I suspect there are other people who are a lot like I was: good, church-going people who experience a flavorless Christianity that makes little difference in their lives. They think they know Jesus and what it means to be his disciple, but they’ve never met the real Jesus. There’s been no Aha! moment. No new birth. No conversion. Therefore it’s no wonder many have drifted away from church over the years. My first goal during the coming year is to tell them that there’s something better, something sweeter, something that makes it worth giving church another try. My other goal is to eat a real orange from the Indian River.
A copy of the Bay Psalter, a historic Bible and the first book published in what is now the United States, sold this week for a record breaking $14.2 million. It was purchased by businessman David Rubenstein who plans to loan it out to libraries across the country. The sale says something important about our American society today, only I’m not sure what exactly. Our love of firsts? Our obsession with big-ticket items? Our generous philanthropy? Maybe the answer is (d) – all of the above. But I don’t think it means that we value the Word of God highly. I can pick up as many copies as I want from Goodwill for fifty cents each.
The sale of the Bay Psalter got me thinking about my own values. With my enthusiastic approval, the church I serve recently paid a hefty sum to have our 1840s Bible restored while Boston’s Old South Church sold their pricey 1640 Book of Psalms to finance their ministries to the homeless and people with AIDS. Maybe they wouldn’t have gotten rid of one copy if they hadn’t owned two. Perhaps the church saw no other way to fund its programs because it’s fallen on hard financial times. I don’t know. Still, whatever the circumstances, it took courage and compassion to give up a precious relic to care for those who are often considered to have little worth. With this decision, the people of Boston’s OSC showed that their values are different from the world’s. The world says, “Use people and value things.” But our faith teaches us to use things and value people.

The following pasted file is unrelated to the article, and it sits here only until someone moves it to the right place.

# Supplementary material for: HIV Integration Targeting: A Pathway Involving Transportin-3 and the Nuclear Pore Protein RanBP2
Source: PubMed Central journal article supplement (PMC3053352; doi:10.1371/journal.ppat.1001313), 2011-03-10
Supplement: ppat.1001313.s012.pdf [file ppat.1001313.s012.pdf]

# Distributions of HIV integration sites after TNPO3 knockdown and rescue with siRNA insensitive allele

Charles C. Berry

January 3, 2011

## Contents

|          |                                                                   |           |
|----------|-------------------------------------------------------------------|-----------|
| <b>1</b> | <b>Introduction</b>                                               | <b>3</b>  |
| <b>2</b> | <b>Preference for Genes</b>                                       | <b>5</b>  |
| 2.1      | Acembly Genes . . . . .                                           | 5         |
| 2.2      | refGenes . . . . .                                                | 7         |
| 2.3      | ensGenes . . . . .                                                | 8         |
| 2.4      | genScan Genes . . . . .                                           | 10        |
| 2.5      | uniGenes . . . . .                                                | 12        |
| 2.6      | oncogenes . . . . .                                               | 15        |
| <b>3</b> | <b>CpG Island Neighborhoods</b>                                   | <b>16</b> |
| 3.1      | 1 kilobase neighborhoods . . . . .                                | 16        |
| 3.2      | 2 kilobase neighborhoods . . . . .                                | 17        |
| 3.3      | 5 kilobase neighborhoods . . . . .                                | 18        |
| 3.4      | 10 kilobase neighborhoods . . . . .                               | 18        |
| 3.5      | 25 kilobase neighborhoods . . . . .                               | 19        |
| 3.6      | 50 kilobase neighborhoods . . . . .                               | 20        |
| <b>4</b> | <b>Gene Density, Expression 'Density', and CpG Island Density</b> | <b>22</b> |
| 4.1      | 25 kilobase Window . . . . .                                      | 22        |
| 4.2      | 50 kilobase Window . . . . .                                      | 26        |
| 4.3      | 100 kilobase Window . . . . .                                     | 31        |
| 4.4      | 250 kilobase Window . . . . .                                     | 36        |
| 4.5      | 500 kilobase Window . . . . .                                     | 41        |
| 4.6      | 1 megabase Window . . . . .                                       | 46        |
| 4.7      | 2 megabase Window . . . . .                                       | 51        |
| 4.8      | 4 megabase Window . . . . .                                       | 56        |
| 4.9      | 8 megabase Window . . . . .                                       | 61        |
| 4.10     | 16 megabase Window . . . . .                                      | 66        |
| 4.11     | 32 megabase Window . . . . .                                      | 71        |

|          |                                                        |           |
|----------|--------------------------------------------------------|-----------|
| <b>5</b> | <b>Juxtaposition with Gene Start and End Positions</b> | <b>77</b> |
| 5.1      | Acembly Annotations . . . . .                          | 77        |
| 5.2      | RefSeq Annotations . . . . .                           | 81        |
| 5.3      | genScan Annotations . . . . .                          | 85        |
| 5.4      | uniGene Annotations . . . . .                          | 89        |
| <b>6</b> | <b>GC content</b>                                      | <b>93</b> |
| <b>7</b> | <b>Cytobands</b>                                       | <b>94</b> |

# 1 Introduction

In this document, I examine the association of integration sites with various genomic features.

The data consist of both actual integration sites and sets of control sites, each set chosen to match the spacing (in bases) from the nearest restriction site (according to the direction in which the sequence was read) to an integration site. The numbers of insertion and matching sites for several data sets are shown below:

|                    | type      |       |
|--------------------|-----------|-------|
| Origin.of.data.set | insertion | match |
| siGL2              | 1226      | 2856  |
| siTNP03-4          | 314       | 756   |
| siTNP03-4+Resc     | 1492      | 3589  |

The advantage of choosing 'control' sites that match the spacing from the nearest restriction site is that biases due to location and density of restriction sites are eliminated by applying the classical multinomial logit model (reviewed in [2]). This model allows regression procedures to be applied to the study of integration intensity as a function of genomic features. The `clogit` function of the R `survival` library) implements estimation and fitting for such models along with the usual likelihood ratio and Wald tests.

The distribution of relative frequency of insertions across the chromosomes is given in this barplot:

Where did the Christians in Boston get such a radical idea? Maybe they read the Bay Psalter where it says, “See ye do defend the poor, also the fatherless: unto the needy justice do, and [to them] that are in distress. The wasted poor and those that are needy deliver ye; and them redeem out of the of the hand of such as wicked be” (Psalm 82:3-4).
What are you grateful for on this Thanksgiving Day? Family? Health? Faith? How about … fleas?
In The Hiding Place, author Corrie ten Boom tells the story of her survival in a Nazi concentration camp with her sister Betsie after they were caught hiding Jews. They lived in miserable, overcrowded, flea-infested barracks. A Bible smuggled into the prison encouraged the two Christian sisters to be thankful for everything, even their enemies, so they thanked God for their captors. But when Betsie thanked God for the fleas, her sister Corrie objected, “Betsie, there’s no way even God can make me grateful for a flea.”
Despite tight security, the sisters began holding worship services. Corrie later recalled, “They were services like no others, these times in Barracks 28.” A growing circle of women gathered at the back of the dormitory as one of the ten Booms read from the Bible illuminated by a tiny light bulb. They were amazed that the vigilant guards never broke up their meetings or ever entered the room. Later they learned why. “It was the fleas!” Betsie declared to her sister in triumph. The fleas were guardian angels who kept the guards away.
This Thanksgiving give thanks for both the good things God sends your way and the bad, because even a flea can be a blessing in disguise.
“In everything give thanks: for this is the will of God in Christ Jesus concerning you” (1 Thessalonians 5:18).